Adi Liraz’s “Dirty Laundry” stitches together elements of Romaniote craft and textile traditions, Jewish ritual and poetry, family history and personal experience, in a creative exploration of love, loss, desire, betrayal, and the struggle for acknowledgment and independence. Embedded within this work is the mythical image of marital union as it is dynamically employed in Jewish lore and ritual. This trope appears (in different forms) on the holidays of Shavuot, commemorating the revelation of the Torah on Mt. Sinai, and Simchat Torah, the completion and beginning of the annual Torah reading cycle. On Shavuot, the Torah is imagined as a ketubah, or wedding contract, establishing the covenant between God (the groom) and the Jewish people (the bride). Alternatively, on Simchat Torah, the Jewish people are the groom and the Torah is the bride. Traditionally, the person called up to the Torah on Simchat Torah for the first reading of the new cycle is called the Chatan Berieshit, the bridegroom of Bereishit, the first word and portion of the Torah.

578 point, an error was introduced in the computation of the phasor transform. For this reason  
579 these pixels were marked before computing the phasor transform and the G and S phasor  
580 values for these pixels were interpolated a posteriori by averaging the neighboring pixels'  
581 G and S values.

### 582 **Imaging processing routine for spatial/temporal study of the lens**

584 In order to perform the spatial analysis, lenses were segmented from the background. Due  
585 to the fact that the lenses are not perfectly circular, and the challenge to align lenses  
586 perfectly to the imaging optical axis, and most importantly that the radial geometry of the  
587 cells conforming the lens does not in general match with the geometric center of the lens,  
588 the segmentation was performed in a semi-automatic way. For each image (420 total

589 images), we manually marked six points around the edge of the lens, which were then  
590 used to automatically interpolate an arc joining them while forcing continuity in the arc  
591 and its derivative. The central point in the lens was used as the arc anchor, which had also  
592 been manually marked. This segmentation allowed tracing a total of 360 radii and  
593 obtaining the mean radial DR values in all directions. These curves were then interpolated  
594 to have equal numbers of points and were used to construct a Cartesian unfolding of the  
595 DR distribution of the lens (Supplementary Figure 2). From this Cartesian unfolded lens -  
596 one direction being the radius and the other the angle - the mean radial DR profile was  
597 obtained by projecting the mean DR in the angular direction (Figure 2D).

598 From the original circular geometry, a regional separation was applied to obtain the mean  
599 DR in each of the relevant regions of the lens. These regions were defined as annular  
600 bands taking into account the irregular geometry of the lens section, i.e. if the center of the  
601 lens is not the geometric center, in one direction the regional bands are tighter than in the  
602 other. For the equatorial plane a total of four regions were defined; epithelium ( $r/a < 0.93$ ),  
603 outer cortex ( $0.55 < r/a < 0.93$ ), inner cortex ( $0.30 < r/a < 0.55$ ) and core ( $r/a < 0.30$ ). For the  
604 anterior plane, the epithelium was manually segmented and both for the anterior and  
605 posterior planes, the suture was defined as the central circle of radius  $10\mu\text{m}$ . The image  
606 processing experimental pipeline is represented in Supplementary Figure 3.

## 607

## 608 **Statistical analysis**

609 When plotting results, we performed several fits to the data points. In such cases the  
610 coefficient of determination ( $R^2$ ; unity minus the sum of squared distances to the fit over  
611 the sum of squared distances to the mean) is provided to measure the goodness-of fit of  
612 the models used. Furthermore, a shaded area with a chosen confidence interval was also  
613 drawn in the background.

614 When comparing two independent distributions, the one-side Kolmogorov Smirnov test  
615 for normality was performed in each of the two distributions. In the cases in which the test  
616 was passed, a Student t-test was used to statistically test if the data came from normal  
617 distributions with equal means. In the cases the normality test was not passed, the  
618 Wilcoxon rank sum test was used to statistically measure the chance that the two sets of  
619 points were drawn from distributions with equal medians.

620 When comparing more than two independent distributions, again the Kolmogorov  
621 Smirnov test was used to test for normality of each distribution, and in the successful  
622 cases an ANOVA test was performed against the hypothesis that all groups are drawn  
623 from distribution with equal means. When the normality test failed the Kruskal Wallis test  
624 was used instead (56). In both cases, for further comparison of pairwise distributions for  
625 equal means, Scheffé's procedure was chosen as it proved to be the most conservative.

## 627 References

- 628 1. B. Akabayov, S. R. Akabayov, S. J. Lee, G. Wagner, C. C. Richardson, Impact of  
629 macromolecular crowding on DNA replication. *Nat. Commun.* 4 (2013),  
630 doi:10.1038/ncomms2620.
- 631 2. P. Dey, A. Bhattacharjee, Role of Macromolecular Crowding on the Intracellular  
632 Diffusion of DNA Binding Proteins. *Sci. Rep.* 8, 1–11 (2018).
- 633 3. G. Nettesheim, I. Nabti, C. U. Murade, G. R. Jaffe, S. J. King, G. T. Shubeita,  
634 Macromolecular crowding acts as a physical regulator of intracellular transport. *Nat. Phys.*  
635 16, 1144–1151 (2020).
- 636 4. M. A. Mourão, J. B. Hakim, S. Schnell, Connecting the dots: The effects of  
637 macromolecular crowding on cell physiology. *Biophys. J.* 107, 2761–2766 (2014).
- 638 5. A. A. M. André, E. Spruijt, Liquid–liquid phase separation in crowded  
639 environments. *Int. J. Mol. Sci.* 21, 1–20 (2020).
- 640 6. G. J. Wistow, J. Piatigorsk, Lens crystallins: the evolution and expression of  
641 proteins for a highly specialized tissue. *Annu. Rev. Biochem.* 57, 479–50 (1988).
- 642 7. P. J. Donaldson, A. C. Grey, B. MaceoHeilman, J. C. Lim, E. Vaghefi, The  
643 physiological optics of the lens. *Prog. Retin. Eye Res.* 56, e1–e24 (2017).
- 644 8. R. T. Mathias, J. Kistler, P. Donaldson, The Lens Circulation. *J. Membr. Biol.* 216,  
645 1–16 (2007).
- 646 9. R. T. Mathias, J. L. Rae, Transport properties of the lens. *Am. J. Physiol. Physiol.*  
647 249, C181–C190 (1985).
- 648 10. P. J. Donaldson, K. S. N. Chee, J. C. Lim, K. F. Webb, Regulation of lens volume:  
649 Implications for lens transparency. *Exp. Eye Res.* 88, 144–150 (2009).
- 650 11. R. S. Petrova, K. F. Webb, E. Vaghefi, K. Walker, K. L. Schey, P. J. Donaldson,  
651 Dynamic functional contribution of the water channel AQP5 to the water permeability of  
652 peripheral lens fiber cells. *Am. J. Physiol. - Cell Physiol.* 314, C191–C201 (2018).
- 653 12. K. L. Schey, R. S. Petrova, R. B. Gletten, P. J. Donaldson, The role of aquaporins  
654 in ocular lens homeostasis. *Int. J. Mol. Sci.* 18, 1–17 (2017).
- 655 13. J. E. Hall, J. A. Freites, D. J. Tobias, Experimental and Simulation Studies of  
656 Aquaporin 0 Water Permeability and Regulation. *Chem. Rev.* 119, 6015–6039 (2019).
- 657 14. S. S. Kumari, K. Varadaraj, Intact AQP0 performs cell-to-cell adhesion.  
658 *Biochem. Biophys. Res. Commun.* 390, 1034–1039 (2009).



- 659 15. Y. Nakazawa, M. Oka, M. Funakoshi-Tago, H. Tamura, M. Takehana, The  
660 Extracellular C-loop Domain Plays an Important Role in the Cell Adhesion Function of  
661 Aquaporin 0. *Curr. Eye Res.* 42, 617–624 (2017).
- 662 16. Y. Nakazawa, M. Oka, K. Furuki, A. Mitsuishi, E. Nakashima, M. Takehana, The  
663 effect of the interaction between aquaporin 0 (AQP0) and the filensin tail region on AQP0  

The Romaniote community had a particularly beautiful way of entering into and personalizing this symbolism. On the holiday of Simchat Torah, women in the community donated their wedding dresses, which were then creatively repurposed to cover the Torah scrolls as they were placed into the arms of the “bridegrooms” in the synagogue. In this simple gesture, numerous boundaries are blurred—text and body, the collective and the individual, the mythic and the historical, the spiritual and the sexual; the list goes on.
These ritual motifs provide an essential backdrop for the surprising—and potentially uncomfortable—surface of Adi Liraz’s “Dirty Laundry,” which courageously challenges the community, Torah, and even G-d to accept and value her as she truly is, in all of her fullness. This challenge resonates for each of us: we all come with our own soiled garments. Shadows, skeletons, shame, and secrets fill all of our proverbial closets, haunting us and holding us back from full honesty and liberating transparency—if only with ourselves. But it’s within our selves where such revelatory realignment must ultimately begin.